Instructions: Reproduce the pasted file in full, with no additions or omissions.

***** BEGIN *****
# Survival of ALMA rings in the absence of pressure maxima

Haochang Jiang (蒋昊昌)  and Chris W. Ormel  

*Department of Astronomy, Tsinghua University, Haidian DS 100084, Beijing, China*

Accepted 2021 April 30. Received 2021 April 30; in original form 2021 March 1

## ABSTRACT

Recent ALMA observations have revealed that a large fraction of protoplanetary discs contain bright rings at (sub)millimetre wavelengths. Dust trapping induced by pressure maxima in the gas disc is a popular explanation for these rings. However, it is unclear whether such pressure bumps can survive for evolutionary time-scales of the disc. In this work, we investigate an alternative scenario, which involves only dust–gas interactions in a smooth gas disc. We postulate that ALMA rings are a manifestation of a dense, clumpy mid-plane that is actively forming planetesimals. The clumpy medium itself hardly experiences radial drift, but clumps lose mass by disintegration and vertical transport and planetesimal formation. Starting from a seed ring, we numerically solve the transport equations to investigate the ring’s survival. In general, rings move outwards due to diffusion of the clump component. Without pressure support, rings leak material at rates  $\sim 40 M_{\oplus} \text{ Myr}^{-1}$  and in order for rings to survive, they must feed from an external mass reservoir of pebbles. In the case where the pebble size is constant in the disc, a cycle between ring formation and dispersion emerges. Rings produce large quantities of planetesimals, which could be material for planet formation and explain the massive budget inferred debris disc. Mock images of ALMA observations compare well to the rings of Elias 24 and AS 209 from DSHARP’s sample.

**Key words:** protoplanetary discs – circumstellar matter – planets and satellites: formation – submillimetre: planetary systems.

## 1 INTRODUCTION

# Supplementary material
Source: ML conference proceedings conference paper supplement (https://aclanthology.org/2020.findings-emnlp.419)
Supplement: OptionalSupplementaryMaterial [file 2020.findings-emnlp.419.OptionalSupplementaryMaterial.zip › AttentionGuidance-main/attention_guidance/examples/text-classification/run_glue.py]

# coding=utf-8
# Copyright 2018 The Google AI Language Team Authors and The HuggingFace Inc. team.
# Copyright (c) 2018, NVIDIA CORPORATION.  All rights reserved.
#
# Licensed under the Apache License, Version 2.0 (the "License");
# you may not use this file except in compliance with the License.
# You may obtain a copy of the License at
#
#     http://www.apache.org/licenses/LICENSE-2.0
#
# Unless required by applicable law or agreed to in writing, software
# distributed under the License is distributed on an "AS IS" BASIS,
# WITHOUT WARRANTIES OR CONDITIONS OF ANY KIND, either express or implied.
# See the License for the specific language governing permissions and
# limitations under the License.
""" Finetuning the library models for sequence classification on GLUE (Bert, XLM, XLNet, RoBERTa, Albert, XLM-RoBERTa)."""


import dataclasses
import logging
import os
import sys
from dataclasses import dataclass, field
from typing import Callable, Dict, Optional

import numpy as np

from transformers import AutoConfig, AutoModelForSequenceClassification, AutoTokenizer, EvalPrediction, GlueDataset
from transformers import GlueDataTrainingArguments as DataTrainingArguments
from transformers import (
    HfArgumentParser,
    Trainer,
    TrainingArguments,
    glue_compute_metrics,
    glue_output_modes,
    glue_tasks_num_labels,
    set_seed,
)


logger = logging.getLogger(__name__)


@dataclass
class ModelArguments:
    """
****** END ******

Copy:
# Survival of ALMA rings in the absence of pressure maxima

Haochang Jiang (蒋昊昌)  and Chris W. Ormel  

*Department of Astronomy, Tsinghua University, Haidian DS 100084, Beijing, China*

Accepted 2021 April 30. Received 2021 April 30; in original form 2021 March 1

## ABSTRACT

Recent ALMA observations have revealed that a large fraction of protoplanetary discs contain bright rings at (sub)millimetre wavelengths. Dust trapping induced by pressure maxima in the gas disc is a popular explanation for these rings. However, it is unclear whether such pressure bumps can survive for evolutionary time-scales of the disc. In this work, we investigate an alternative scenario, which involves only dust–gas interactions in a smooth gas disc. We postulate that ALMA rings are a manifestation of a dense, clumpy mid-plane that is actively forming planetesimals. The clumpy medium itself hardly experiences radial drift, but clumps lose mass by disintegration and vertical transport and planetesimal formation. Starting from a seed ring, we numerically solve the transport equations to investigate the ring’s survival. In general, rings move outwards due to diffusion of the clump component. Without pressure support, rings leak material at rates  $\sim 40 M_{\oplus} \text{ Myr}^{-1}$  and in order for rings to survive, they must feed from an external mass reservoir of pebbles. In the case where the pebble size is constant in the disc, a cycle between ring formation and dispersion emerges. Rings produce large quantities of planetesimals, which could be material for planet formation and explain the massive budget inferred debris disc. Mock images of ALMA observations compare well to the rings of Elias 24 and AS 209 from DSHARP’s sample.

**Key words:** protoplanetary discs – circumstellar matter – planets and satellites: formation – submillimetre: planetary systems.

## 1 INTRODUCTION

# Supplementary material
Source: ML conference proceedings conference paper supplement (https://aclanthology.org/2020.findings-emnlp.419)
Supplement: OptionalSupplementaryMaterial [file 2020.findings-emnlp.419.OptionalSupplementaryMaterial.zip › AttentionGuidance-main/attention_guidance/examples/text-classification/run_glue.py]

# coding=utf-8
# Copyright 2018 The Google AI Language Team Authors and The HuggingFace Inc. team.
# Copyright (c) 2018, NVIDIA CORPORATION.  All rights reserved.
#
# Licensed under the Apache License, Version 2.0 (the "License");
# you may not use this file except in compliance with the License.
# You may obtain a copy of the License at
#
#     http://www.apache.org/licenses/LICENSE-2.0
#
# Unless required by applicable law or agreed to in writing, software
# distributed under the License is distributed on an "AS IS" BASIS,
# WITHOUT WARRANTIES OR CONDITIONS OF ANY KIND, either express or implied.
# See the License for the specific language governing permissions and
# limitations under the License.
""" Finetuning the library models for sequence classification on GLUE (Bert, XLM, XLNet, RoBERTa, Albert, XLM-RoBERTa)."""


import dataclasses
import logging
import os
import sys
from dataclasses import dataclass, field
from typing import Callable, Dict, Optional

import numpy as np

from transformers import AutoConfig, AutoModelForSequenceClassification, AutoTokenizer, EvalPrediction, GlueDataset
from transformers import GlueDataTrainingArguments as DataTrainingArguments
from transformers import (
    HfArgumentParser,
    Trainer,
    TrainingArguments,
    glue_compute_metrics,
    glue_output_modes,
    glue_tasks_num_labels,
    set_seed,
)


logger = logging.getLogger(__name__)


@dataclass
class ModelArguments:
    """